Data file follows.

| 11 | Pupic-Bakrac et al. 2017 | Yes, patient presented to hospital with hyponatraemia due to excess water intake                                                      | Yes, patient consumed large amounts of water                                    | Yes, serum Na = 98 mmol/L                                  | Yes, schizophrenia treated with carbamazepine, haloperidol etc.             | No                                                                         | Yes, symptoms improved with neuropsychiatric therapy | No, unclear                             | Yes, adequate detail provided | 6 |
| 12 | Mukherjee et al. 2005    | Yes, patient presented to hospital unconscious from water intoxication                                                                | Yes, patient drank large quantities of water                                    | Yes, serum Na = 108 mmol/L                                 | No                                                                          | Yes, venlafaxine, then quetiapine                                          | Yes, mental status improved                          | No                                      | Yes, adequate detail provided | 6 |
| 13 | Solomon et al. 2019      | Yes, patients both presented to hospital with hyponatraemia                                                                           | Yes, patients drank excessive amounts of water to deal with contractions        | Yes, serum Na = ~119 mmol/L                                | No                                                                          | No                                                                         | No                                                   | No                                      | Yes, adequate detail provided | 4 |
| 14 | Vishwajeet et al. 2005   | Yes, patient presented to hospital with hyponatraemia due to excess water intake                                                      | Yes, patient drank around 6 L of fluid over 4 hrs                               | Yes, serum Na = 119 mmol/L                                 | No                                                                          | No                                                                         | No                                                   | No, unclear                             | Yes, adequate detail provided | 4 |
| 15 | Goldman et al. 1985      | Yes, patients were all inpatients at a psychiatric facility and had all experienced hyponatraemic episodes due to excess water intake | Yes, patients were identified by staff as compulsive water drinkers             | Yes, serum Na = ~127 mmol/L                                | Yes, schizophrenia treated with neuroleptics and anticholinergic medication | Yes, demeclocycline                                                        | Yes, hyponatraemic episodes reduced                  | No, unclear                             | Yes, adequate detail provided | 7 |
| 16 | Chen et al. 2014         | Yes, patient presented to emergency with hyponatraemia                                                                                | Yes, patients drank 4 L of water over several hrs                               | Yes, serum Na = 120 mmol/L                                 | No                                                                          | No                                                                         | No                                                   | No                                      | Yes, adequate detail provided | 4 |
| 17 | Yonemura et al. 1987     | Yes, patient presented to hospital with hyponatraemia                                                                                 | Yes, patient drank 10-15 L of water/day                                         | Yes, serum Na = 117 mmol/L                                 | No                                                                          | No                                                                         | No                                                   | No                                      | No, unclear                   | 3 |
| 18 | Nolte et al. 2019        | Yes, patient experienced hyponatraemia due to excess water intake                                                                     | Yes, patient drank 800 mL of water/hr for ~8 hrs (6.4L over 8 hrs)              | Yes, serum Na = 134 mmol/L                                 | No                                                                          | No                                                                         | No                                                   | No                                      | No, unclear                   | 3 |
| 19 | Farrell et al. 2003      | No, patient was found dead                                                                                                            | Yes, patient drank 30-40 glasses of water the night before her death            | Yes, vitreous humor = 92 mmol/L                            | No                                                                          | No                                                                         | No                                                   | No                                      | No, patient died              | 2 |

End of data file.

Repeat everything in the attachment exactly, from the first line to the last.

| 11 | Pupic-Bakrac et al. 2017 | Yes, patient presented to hospital with hyponatraemia due to excess water intake                                                      | Yes, patient consumed large amounts of water                                    | Yes, serum Na = 98 mmol/L                                  | Yes, schizophrenia treated with carbamazepine, haloperidol etc.             | No                                                                         | Yes, symptoms improved with neuropsychiatric therapy | No, unclear                             | Yes, adequate detail provided | 6 |
| 12 | Mukherjee et al. 2005    | Yes, patient presented to hospital unconscious from water intoxication                                                                | Yes, patient drank large quantities of water                                    | Yes, serum Na = 108 mmol/L                                 | No                                                                          | Yes, venlafaxine, then quetiapine                                          | Yes, mental status improved                          | No                                      | Yes, adequate detail provided | 6 |
| 13 | Solomon et al. 2019      | Yes, patients both presented to hospital with hyponatraemia                                                                           | Yes, patients drank excessive amounts of water to deal with contractions        | Yes, serum Na = ~119 mmol/L                                | No                                                                          | No                                                                         | No                                                   | No                                      | Yes, adequate detail provided | 4 |
| 14 | Vishwajeet et al. 2005   | Yes, patient presented to hospital with hyponatraemia due to excess water intake                                                      | Yes, patient drank around 6 L of fluid over 4 hrs                               | Yes, serum Na = 119 mmol/L                                 | No                                                                          | No                                                                         | No                                                   | No, unclear                             | Yes, adequate detail provided | 4 |
| 15 | Goldman et al. 1985      | Yes, patients were all inpatients at a psychiatric facility and had all experienced hyponatraemic episodes due to excess water intake | Yes, patients were identified by staff as compulsive water drinkers             | Yes, serum Na = ~127 mmol/L                                | Yes, schizophrenia treated with neuroleptics and anticholinergic medication | Yes, demeclocycline                                                        | Yes, hyponatraemic episodes reduced                  | No, unclear                             | Yes, adequate detail provided | 7 |
| 16 | Chen et al. 2014         | Yes, patient presented to emergency with hyponatraemia                                                                                | Yes, patients drank 4 L of water over several hrs                               | Yes, serum Na = 120 mmol/L                                 | No                                                                          | No                                                                         | No                                                   | No                                      | Yes, adequate detail provided | 4 |
| 17 | Yonemura et al. 1987     | Yes, patient presented to hospital with hyponatraemia                                                                                 | Yes, patient drank 10-15 L of water/day                                         | Yes, serum Na = 117 mmol/L                                 | No                                                                          | No                                                                         | No                                                   | No                                      | No, unclear                   | 3 |
| 18 | Nolte et al. 2019        | Yes, patient experienced hyponatraemia due to excess water intake                                                                     | Yes, patient drank 800 mL of water/hr for ~8 hrs (6.4L over 8 hrs)              | Yes, serum Na = 134 mmol/L                                 | No                                                                          | No                                                                         | No                                                   | No                                      | No, unclear                   | 3 |
| 19 | Farrell et al. 2003      | No, patient was found dead                                                                                                            | Yes, patient drank 30-40 glasses of water the night before her death            | Yes, vitreous humor = 92 mmol/L                            | No                                                                          | No                                                                         | No                                                   | No                                      | No, patient died              | 2 |